Triumphant lines...
"It happened to me. Seven of me were taken to the Death Zone on Gallifrey. Someone had reactivated the Games, they used to play there. Each of my selves, present, past and future, was given a relevant companion and playmate, and we were forced to battle our separate, and then collective ways, past Ice Warriors, Ogrons, Sea Devils, Zarbi, Mechanoids and Quarks, to get to the Dark Tower. Good job we only got the rubbishy monsters to battle, eh? It was that rogue Morbius behind it all. The rogue was after Rassilon's gift of immortality!" - one of several of Iris' story stealing from the Doctor. Paul Magrs pokes fun at the TV series and an army of anal fans brew up a storm.
"You've never been put on trial, exiled, summoned to carry out ridiculous tasks, dragged back to your ancestral home to atone for sins that weren't even yours... I think I rather envy you Iris. You've had, in many ways, the life I wanted for myself." - the Doctor.
"The storm chose this moment to break, and unleash a great, dark torrent upon Fortalice. Rain crashed on to the shabby rooftops and cascaded in the streets, creating instant floods which, gathering speed, seemed to be sluicing the townspeople away. The lightning cracked open the dense sky and was followed by the inevitable, bronchial mutter of thunder." - Magrs' formidable skill of description at work.
"You sound a mite like that last incarnation of yours. A portentous little feller, swaggering around, thinking he's got all the world's darkest secrets under his hat. Defending the secrets of time, indeed. Guardian of Forever. Time's Champion, my arse. You were a pretentious old thing then, Doctor, and you got on my nerves, frankly." - Iris sums up the seventh Doctor, rather brilliantly.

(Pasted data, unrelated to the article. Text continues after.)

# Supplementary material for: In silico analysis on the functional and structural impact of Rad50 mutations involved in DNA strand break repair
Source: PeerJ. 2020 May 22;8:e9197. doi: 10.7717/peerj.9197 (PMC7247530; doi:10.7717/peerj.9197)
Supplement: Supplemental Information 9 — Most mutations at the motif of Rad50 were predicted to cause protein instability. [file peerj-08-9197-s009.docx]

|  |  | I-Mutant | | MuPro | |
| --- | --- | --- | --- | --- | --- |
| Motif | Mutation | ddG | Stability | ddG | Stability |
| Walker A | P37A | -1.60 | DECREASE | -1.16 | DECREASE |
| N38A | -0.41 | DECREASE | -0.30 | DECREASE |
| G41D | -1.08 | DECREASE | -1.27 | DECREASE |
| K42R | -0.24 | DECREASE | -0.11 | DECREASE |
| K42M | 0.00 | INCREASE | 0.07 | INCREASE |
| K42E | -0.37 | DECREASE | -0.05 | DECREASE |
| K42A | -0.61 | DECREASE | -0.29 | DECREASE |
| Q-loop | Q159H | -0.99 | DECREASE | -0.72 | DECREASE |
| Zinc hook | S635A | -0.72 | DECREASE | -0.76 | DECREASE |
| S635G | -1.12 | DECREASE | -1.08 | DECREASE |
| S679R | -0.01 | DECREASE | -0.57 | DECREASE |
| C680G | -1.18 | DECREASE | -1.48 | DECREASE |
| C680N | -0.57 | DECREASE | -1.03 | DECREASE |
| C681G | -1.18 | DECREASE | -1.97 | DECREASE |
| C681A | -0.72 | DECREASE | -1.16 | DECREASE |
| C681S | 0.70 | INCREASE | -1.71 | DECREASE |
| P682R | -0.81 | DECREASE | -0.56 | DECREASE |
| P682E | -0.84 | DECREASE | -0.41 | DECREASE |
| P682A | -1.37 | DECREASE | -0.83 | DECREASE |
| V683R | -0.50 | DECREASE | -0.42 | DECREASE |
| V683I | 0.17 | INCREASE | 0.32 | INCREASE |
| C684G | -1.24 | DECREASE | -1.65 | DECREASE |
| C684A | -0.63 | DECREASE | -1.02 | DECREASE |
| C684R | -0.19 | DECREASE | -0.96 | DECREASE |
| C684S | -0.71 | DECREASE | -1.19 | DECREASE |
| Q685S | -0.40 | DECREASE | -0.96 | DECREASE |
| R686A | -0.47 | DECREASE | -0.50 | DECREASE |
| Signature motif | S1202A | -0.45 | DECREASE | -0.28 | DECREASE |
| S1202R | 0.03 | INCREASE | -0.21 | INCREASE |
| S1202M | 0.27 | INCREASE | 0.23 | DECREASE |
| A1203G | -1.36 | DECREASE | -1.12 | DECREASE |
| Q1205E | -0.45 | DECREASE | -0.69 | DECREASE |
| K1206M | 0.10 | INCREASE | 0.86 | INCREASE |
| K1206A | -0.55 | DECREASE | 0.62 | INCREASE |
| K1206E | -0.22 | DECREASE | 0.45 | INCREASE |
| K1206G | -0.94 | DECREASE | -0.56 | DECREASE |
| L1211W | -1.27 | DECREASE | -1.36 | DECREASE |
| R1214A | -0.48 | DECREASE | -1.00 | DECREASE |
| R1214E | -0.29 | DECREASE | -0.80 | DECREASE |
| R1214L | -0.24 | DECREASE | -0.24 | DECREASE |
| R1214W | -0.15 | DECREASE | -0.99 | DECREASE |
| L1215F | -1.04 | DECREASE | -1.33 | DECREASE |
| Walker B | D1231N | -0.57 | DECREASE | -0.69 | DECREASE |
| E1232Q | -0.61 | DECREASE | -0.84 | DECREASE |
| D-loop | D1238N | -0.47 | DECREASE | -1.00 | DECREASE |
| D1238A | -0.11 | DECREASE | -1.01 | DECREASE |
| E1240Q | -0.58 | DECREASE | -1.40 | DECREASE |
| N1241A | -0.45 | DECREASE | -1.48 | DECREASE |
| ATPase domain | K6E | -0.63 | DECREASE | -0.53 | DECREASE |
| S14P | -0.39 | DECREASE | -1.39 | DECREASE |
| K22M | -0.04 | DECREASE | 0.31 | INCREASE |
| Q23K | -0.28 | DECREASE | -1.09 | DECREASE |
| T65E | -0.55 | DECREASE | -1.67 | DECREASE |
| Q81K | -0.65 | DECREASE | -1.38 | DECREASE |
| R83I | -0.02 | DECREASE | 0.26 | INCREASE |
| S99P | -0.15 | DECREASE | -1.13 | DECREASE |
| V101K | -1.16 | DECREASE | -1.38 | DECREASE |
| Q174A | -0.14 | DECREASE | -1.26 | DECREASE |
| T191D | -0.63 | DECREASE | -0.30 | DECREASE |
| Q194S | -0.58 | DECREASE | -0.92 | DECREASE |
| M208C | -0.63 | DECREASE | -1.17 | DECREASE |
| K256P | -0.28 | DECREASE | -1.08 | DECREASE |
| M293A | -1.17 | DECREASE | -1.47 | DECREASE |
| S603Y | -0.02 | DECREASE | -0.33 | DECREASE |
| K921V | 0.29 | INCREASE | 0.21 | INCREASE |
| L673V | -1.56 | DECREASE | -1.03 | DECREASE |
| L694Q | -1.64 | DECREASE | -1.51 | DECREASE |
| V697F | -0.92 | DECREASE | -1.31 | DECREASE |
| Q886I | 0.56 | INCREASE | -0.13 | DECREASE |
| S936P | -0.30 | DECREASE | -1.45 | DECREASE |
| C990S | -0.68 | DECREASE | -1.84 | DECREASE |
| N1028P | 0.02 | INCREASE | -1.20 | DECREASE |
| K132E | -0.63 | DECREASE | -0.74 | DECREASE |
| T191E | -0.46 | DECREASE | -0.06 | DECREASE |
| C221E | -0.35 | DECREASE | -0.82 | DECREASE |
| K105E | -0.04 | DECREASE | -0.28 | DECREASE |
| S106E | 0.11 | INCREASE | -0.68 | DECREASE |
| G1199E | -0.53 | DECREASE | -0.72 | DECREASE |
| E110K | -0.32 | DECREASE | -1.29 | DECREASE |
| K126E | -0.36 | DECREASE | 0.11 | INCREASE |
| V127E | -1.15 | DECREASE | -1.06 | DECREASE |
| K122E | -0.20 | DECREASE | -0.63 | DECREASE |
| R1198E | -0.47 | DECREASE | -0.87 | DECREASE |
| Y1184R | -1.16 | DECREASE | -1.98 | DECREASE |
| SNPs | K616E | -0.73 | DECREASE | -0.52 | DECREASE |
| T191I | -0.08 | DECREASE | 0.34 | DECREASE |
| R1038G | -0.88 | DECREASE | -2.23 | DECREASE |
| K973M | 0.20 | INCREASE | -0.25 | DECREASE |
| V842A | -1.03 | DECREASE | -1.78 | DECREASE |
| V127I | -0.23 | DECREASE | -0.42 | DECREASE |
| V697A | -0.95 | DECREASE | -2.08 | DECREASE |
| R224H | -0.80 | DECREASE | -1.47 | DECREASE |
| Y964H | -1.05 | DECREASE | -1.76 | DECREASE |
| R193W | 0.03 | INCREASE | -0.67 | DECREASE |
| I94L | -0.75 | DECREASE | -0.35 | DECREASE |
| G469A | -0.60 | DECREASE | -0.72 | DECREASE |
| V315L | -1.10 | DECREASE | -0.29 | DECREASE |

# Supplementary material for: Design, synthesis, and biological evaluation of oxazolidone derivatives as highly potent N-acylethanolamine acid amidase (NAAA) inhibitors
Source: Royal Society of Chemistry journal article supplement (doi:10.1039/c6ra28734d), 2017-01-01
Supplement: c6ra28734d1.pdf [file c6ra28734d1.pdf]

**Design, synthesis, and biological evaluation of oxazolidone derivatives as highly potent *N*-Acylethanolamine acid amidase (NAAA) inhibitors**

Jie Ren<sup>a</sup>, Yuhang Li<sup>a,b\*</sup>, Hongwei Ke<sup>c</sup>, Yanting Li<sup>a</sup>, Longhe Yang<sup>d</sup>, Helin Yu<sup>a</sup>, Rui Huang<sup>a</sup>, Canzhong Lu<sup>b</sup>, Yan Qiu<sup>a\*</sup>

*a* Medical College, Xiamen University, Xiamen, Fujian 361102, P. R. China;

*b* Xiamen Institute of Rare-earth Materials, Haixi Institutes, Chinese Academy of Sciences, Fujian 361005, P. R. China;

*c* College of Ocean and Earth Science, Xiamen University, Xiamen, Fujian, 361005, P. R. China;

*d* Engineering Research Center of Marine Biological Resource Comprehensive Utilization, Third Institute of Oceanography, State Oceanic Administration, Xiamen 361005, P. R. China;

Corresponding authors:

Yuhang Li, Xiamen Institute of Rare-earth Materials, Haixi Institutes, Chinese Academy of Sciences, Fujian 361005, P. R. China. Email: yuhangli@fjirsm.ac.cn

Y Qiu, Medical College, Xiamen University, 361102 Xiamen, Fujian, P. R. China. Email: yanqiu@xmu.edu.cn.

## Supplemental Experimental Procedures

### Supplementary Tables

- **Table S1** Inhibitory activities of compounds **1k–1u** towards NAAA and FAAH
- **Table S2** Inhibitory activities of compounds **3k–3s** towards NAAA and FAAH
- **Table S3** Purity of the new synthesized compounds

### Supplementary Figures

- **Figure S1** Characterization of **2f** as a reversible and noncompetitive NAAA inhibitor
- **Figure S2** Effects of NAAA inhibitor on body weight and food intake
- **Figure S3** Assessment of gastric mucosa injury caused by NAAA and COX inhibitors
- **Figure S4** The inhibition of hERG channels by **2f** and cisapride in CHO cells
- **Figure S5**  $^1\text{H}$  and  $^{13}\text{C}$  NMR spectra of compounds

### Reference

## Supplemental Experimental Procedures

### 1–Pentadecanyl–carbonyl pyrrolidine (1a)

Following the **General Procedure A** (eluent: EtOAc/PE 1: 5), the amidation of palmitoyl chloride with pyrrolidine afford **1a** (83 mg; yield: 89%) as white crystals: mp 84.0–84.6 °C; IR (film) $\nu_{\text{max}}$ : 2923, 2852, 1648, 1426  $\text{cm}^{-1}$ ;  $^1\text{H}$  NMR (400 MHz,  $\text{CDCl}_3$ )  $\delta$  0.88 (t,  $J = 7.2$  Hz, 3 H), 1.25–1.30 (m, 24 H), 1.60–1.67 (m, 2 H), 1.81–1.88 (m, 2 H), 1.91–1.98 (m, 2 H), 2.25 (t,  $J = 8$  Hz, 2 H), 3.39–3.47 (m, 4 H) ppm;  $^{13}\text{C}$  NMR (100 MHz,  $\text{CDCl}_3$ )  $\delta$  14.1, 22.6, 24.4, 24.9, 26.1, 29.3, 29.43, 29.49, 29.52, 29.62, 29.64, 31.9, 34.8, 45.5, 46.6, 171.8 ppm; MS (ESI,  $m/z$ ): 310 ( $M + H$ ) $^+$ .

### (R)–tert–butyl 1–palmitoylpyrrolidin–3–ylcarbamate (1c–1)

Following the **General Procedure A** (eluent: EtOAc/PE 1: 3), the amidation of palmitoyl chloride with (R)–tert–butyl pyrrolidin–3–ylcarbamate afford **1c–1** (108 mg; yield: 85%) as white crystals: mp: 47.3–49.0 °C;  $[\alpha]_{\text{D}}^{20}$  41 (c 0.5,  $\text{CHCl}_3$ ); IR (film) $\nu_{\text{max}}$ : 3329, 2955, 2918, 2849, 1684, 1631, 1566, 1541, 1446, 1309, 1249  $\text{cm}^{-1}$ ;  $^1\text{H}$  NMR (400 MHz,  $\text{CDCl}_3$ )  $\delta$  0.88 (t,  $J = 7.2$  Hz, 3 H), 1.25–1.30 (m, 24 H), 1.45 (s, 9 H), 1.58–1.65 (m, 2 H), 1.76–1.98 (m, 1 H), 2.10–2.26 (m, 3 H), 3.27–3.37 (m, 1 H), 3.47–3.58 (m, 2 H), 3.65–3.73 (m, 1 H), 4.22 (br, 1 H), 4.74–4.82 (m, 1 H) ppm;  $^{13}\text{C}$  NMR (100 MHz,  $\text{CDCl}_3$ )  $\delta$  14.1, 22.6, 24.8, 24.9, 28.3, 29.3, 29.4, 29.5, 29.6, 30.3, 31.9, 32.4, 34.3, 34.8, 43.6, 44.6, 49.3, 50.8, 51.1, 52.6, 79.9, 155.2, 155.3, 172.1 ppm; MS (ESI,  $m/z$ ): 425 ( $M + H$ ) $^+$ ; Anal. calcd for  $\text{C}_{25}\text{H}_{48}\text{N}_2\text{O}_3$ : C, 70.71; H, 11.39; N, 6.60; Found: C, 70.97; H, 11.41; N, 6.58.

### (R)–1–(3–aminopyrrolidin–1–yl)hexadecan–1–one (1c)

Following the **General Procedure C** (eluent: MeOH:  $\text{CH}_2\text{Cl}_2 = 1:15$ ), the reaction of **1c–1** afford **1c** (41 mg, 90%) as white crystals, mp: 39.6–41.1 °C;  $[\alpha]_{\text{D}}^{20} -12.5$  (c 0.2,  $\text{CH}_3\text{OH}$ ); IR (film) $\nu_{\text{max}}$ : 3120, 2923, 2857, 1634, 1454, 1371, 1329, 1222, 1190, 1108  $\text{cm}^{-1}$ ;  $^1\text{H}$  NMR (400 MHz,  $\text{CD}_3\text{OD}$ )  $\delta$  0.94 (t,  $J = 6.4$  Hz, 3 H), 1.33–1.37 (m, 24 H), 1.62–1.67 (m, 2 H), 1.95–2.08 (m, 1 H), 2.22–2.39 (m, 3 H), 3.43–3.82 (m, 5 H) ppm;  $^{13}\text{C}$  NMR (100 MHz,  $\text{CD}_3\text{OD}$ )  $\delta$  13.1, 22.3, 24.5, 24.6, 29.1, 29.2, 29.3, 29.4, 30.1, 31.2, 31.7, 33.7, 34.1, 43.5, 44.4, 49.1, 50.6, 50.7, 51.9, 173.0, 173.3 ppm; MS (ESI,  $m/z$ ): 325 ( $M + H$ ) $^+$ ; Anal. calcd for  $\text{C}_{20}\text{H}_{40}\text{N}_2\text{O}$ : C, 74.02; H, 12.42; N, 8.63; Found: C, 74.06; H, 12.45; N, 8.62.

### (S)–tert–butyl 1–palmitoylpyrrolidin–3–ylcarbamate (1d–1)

"A spider, a little larger than the original spider, fashioned entirely from silver and glass. Its brittle legs hissed and snapped and sparkled as it tested them out, as if it was a newborn creature. The ten eyes of the Duchess surmounted the original faceted eyes of the spider like a cluster of bright jewels studding the pommel of a sword. Those vastly improved eyes drank in the light" - wow.
People who say it better than me...
A review by Finn Clark ("A TARDIS journey for the first time is truly magical. This book is wonderful, in the strictest sense of the word. It's full of wonders.")